What’s going on with the housing market? Have we hit bottom in housing prices and when are things going to start looking better?
Bill in Goleta
Since none of us have a crystal ball we should turn to what housing history has shown, and come up with some reasonable assumptions about what’s likely to happen next.
As an investor for the past 20+ years, I’ve learned that stock, real estate, and other investment markets return to their long term trend lines. Despite bull markets, bear markets, shocks to the economy, or whatever forces drive the capital markets up or down, everything returns to the mean.
What does that mean in relation to real estate? If you were to guess real estate values went above their trend line during the last few years, you would be right. In fact, if residential real estate in general were to drop 25% from current prices, that would put it in line with the long-term trend line.
My experience is “return to the trend” has to happen. We’re either going to see prices come down fast and far, perhaps see prices drop more than 20% over the next year or so, putting us back to where we should be, or we’re going to see real estate prices remain static for several years, where inflation would eat up the excess pricing built into housing today.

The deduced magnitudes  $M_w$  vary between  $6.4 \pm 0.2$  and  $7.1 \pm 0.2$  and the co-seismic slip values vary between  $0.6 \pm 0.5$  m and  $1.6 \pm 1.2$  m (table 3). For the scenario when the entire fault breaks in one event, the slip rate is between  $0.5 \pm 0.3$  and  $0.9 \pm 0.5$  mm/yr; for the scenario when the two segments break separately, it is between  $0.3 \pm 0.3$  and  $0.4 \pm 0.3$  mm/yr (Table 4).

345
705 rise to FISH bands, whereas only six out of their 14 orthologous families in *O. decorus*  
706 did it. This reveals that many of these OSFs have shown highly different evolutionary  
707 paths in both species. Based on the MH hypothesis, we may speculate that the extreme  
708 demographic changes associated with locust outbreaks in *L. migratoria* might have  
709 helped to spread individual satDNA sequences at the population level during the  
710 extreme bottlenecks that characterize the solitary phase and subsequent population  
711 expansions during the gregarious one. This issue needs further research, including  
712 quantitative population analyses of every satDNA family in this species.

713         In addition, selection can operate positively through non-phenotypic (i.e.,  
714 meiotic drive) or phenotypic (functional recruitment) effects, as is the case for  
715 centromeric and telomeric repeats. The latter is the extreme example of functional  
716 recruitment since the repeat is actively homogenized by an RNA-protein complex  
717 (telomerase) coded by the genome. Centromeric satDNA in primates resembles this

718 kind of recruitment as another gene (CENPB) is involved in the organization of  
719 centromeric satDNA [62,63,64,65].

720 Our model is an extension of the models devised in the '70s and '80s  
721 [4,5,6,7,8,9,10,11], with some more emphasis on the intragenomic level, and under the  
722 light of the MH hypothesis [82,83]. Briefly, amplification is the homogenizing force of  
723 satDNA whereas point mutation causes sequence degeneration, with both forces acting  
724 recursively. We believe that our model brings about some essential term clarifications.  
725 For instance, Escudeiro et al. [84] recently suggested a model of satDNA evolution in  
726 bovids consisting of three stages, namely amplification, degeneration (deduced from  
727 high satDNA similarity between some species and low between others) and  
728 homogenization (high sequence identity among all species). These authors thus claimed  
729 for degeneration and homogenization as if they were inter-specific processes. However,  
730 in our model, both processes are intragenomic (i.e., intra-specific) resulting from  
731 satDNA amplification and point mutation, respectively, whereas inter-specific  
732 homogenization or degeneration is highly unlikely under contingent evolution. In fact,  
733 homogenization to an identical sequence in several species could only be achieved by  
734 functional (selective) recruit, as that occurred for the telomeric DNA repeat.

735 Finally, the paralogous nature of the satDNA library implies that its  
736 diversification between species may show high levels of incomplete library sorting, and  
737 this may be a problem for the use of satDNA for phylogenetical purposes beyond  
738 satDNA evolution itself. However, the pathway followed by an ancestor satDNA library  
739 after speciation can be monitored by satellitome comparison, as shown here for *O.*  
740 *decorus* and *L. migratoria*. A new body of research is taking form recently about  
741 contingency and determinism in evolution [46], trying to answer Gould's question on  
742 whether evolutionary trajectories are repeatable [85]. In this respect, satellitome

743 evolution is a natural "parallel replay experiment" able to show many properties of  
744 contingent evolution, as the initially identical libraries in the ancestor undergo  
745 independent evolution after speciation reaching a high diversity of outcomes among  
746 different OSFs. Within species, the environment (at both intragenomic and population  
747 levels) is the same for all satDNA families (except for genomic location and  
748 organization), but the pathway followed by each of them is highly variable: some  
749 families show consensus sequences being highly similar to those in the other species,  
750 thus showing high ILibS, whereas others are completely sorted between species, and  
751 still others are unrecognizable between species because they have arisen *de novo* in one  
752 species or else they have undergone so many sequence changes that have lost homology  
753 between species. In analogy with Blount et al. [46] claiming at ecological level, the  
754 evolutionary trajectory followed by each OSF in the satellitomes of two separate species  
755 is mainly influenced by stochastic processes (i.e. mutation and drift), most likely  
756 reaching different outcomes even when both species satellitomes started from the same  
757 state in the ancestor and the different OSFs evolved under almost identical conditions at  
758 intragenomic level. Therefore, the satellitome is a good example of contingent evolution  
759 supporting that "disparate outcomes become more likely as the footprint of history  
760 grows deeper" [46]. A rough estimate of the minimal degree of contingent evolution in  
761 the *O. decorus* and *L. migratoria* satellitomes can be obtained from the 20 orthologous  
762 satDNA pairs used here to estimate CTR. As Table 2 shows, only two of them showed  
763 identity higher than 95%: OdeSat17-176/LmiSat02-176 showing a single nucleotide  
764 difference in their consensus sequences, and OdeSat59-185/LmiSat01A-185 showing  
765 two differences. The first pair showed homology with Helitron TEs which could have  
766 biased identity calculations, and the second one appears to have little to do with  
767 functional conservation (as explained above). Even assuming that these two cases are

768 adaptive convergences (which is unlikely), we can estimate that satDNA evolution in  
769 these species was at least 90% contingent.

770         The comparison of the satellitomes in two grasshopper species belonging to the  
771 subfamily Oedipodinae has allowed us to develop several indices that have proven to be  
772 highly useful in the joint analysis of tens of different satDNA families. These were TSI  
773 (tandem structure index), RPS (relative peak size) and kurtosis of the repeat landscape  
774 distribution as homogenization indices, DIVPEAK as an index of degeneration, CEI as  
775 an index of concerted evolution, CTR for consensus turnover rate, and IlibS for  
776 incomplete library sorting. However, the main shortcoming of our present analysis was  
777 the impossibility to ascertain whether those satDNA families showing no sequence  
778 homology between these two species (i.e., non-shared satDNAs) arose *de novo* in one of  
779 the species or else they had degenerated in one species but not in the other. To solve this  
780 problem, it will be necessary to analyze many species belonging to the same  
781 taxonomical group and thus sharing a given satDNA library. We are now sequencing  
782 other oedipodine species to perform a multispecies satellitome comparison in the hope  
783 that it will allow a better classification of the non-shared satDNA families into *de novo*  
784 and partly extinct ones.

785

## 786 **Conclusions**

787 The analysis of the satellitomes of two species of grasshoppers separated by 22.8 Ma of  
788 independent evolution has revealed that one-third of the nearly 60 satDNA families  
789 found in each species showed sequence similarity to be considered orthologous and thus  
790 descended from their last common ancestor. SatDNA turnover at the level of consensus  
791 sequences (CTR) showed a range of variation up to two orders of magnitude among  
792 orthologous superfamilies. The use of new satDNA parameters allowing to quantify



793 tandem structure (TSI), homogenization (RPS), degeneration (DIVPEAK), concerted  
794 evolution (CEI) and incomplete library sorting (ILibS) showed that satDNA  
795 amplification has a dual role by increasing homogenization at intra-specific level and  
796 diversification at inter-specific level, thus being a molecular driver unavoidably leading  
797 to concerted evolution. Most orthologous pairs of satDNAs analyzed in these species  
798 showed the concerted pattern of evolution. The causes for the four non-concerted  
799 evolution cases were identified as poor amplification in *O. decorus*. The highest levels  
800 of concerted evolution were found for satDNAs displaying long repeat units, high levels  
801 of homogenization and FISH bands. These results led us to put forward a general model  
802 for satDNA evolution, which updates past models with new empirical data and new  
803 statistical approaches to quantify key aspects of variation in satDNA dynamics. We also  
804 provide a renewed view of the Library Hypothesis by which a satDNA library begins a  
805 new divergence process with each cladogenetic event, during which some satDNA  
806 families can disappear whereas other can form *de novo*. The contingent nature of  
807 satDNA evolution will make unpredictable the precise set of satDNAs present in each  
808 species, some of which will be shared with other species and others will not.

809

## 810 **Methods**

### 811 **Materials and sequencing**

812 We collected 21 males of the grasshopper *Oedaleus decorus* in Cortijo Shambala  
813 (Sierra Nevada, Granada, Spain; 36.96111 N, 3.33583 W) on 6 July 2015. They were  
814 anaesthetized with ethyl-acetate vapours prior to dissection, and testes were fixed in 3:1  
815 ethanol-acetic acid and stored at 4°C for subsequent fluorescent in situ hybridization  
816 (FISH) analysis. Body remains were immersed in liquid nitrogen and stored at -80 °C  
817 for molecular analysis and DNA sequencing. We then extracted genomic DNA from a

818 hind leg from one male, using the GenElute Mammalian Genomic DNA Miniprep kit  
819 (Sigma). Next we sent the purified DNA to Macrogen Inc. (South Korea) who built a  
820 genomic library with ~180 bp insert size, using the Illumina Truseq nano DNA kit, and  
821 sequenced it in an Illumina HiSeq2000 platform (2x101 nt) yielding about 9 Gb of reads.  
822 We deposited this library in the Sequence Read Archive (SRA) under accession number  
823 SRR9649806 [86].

Another reason to believe that housing prices will continue to decline is the lack of mortgage options. The subprime market for mortgages has all but completely disappeared. In other words, fewer people can qualify for loans. The simple law of supply and demand would dictate that with fewer buyers qualifying for home purchases, prices must come down.
Standard loans are becoming ever harder to come by, too, as banks are tightening lending standards. It will be some time, perhaps years, before lenders return to easier lending standards.
Next, we should consider demographics. The baby boomer generation is hitting retirement in steadily increasing numbers. Some would argue retirees will be purchasing new homes, perhaps in warmer climates. But does that mean they’ll own more than one home? Or will they sell one home to buy another, netting a zero increase in home ownership?
Finally, consider the stock market. Investors were excited in the late 90s when the market enjoyed a steady upswing. In March 2000 the S&P 500 closed slightly above 1500, way above its long-term trend line. Then, on October 9, 2002 it closed at 776 – a fall of more than 48% from the peak a price it had first passed in January of 1997. That means the stock market gains of 1997, 1998, and 1999 had all evaporated.
Why would other investments, including real estate, be any different? If, as I have observed, investments return to their long-term trend line, then the trick is to study your potential investment field and predict when things will start looking up.
So, should you buy real estate now? It depends. If you want a home for your family, can afford the payments, and aren’t too worried about short term swings in price, then perhaps yes. Historically, buying real estate has always been a solid investment. And as of this moment, fixed rates on mortgages remain low.
But if you are buying to speculate on the next move in the real estate market, I say tread cautiously.
Kevin Bourke is a registered principal with and offers securities through LPL Financial, Member FINRA/SIPC.